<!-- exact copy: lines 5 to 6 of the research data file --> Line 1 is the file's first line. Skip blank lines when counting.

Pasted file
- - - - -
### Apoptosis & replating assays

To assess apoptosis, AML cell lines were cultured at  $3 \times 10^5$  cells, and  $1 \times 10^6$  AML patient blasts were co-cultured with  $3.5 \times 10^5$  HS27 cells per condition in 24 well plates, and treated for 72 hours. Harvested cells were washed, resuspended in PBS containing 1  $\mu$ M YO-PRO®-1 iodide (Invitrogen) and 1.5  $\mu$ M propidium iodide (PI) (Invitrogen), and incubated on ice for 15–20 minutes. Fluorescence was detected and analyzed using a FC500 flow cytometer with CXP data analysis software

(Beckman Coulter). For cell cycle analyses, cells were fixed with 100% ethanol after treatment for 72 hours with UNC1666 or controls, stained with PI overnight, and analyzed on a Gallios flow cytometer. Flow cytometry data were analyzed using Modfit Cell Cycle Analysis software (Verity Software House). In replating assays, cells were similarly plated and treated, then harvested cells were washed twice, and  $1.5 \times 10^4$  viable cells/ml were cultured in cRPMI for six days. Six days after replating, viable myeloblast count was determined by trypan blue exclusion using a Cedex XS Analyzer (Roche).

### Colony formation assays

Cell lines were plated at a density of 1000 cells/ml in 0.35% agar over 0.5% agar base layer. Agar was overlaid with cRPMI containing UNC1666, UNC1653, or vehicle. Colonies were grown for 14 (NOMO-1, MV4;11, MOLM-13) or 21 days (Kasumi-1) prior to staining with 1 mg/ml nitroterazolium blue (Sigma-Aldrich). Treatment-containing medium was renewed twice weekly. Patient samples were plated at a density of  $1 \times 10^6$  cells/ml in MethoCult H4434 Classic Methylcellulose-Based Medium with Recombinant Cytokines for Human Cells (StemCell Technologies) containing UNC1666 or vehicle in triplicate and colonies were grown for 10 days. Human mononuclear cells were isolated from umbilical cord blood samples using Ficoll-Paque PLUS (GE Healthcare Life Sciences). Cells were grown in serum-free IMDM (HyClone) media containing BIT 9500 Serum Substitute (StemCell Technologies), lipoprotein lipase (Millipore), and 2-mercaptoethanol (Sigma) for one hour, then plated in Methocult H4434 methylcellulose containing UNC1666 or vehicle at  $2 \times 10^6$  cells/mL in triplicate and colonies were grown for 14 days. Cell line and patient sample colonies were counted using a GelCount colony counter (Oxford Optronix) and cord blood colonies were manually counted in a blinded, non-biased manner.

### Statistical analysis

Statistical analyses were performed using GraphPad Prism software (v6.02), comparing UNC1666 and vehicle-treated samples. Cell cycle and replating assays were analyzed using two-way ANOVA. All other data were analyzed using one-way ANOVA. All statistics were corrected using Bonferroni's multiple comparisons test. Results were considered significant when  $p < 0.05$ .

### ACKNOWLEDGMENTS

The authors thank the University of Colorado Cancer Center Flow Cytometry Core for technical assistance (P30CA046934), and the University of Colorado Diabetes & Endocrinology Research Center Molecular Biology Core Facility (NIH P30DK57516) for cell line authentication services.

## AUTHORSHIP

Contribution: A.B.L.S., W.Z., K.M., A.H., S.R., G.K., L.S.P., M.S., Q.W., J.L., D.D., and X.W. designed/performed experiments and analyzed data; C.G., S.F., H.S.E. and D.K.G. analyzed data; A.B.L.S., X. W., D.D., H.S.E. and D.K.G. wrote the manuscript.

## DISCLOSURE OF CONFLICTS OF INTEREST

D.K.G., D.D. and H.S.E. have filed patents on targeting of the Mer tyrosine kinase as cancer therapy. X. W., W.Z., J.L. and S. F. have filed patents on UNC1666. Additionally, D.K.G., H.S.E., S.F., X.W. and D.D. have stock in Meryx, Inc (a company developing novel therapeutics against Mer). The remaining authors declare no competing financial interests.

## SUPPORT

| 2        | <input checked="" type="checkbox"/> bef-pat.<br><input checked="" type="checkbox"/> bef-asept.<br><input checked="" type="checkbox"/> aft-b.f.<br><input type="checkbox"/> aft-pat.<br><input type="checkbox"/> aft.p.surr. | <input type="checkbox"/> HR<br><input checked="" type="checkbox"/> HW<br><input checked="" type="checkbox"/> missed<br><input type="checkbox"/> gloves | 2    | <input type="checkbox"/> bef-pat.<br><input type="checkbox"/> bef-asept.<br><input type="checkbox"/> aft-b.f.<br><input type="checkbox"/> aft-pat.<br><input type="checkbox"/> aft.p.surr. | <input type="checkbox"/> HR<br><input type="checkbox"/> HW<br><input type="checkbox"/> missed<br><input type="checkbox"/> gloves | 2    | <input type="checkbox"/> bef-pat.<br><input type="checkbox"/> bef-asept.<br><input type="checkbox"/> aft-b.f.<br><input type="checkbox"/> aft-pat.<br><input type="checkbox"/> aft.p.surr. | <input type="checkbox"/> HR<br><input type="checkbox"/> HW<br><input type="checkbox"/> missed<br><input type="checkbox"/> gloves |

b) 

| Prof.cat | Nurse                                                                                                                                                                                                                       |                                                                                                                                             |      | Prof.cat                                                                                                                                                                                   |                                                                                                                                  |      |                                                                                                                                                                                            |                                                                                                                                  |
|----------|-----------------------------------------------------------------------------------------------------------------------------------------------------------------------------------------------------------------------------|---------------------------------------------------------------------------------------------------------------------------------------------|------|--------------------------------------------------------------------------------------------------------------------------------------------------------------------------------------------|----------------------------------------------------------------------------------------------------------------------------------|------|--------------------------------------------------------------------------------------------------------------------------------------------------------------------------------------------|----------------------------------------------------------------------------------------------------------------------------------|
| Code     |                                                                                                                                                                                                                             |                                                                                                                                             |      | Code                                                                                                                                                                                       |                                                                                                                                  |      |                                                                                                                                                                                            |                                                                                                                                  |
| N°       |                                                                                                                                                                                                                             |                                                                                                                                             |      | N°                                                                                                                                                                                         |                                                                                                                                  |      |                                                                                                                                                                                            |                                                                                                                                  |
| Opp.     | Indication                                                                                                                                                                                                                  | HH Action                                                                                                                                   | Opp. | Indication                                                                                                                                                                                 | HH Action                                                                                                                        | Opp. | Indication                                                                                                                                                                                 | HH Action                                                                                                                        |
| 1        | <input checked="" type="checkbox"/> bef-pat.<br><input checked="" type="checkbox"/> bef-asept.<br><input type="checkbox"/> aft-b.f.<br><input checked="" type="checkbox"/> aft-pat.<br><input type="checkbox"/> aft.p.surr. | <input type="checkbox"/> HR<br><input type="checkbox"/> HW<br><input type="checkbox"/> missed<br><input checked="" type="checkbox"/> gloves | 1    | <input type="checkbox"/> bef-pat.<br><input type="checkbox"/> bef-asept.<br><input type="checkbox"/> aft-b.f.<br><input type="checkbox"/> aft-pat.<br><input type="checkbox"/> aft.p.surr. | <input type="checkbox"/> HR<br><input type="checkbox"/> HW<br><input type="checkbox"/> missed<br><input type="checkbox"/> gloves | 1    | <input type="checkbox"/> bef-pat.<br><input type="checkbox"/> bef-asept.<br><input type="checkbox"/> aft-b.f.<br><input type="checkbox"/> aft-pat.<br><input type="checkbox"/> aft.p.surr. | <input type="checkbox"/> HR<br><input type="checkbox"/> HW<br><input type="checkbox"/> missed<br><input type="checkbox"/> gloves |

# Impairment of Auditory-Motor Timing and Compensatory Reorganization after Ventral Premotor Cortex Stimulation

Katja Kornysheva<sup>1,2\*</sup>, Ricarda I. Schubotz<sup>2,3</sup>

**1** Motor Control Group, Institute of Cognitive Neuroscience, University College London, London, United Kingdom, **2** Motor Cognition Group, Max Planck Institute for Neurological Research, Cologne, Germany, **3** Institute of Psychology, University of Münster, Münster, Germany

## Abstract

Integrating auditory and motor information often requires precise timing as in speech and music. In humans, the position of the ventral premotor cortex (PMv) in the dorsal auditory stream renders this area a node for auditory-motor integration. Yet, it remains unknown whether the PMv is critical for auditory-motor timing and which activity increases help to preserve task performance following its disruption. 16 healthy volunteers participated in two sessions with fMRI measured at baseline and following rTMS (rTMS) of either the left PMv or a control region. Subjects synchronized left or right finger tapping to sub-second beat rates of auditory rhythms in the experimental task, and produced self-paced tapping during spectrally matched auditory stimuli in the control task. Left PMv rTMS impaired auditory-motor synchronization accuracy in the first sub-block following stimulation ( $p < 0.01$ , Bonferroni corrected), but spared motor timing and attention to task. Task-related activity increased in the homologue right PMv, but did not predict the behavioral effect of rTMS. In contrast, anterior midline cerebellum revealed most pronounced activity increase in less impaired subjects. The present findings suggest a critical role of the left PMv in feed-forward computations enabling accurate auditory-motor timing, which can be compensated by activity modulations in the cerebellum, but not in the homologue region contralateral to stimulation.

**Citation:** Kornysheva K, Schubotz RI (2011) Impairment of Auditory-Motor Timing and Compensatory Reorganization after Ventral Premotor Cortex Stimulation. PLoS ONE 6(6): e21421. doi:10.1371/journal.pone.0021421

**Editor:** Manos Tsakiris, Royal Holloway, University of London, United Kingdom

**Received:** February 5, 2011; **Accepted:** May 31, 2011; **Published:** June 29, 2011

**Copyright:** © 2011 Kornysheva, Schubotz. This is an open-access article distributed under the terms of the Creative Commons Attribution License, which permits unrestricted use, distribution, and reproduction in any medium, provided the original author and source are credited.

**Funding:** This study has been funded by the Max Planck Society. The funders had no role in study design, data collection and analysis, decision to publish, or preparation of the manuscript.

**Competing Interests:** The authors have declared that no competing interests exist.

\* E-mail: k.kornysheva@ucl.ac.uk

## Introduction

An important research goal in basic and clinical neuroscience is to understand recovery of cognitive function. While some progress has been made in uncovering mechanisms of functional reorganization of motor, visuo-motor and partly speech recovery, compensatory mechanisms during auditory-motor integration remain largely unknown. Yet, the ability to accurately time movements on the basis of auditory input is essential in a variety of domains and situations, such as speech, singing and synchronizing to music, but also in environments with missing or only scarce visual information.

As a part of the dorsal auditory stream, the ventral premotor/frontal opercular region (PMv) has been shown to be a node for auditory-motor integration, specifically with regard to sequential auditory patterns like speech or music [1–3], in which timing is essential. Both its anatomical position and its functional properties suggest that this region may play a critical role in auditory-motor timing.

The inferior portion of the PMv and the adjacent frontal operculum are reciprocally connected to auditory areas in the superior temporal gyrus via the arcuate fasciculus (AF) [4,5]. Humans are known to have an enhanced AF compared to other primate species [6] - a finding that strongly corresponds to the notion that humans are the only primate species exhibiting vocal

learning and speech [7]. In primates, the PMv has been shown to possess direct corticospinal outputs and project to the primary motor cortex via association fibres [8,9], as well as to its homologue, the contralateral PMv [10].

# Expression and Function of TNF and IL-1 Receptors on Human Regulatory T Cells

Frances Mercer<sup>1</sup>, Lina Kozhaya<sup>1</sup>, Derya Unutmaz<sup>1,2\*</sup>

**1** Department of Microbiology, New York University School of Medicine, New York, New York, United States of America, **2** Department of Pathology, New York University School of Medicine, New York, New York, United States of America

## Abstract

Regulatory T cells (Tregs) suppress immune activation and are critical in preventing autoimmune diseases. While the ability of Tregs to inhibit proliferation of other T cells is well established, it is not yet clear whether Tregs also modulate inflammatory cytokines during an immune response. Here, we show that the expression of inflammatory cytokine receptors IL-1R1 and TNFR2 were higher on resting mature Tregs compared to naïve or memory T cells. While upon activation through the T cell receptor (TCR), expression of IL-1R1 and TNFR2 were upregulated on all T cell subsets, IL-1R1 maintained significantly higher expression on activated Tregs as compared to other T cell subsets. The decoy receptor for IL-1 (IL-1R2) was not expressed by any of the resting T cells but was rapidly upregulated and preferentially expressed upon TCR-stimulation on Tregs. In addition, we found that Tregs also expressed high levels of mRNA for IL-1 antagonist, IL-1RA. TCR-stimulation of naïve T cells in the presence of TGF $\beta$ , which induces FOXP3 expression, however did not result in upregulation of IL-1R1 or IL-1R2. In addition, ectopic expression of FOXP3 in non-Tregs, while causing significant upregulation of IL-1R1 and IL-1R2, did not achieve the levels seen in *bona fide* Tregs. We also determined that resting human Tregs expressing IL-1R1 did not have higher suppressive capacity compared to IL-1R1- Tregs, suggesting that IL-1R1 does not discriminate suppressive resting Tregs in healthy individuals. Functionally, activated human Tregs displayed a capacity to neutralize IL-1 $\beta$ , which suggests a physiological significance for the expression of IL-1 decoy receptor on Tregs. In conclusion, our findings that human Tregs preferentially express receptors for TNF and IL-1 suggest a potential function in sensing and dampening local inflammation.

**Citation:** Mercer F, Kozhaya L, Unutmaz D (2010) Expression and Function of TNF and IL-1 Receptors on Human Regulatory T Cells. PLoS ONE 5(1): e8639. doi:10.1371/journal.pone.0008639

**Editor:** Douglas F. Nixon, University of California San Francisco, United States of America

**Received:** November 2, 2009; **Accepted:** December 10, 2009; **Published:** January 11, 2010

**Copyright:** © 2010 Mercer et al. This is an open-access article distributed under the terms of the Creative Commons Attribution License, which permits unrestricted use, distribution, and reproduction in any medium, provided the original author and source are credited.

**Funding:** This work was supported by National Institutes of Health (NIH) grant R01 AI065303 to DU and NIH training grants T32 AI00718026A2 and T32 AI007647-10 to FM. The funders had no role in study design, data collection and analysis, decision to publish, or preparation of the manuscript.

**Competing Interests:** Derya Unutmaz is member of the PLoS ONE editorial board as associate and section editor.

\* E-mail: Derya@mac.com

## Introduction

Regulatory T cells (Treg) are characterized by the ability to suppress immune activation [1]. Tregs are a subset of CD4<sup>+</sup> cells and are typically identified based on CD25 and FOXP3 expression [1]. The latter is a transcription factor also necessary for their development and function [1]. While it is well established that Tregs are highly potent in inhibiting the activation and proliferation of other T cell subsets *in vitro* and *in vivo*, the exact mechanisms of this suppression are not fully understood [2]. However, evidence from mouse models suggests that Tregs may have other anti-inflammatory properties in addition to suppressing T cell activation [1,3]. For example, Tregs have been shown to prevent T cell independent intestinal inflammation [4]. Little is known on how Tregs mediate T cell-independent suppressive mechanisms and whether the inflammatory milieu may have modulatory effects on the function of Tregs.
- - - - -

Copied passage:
Cell lines were plated at a density of 1000 cells/ml in 0.35% agar over 0.5% agar base layer. Agar was overlaid with cRPMI containing UNC1666, UNC1653, or vehicle. Colonies were grown for 14 (NOMO-1, MV4;11, MOLM-13) or 21 days (Kasumi-1) prior to staining with 1 mg/ml nitroterazolium blue (Sigma-Aldrich). Treatment-containing medium was renewed twice weekly. Patient samples were plated at a density of  $1 \times 10^6$  cells/ml in MethoCult H4434 Classic Methylcellulose-Based Medium with Recombinant Cytokines for Human Cells (StemCell Technologies) containing UNC1666 or vehicle in triplicate and colonies were grown for 10 days. Human mononuclear cells were isolated from umbilical cord blood samples using Ficoll-Paque PLUS (GE Healthcare Life Sciences). Cells were grown in serum-free IMDM (HyClone) media containing BIT 9500 Serum Substitute (StemCell Technologies), lipoprotein lipase (Millipore), and 2-mercaptoethanol (Sigma) for one hour, then plated in Methocult H4434 methylcellulose containing UNC1666 or vehicle at  $2 \times 10^6$  cells/mL in triplicate and colonies were grown for 14 days. Cell line and patient sample colonies were counted using a GelCount colony counter (Oxford Optronix) and cord blood colonies were manually counted in a blinded, non-biased manner.

### Statistical analysis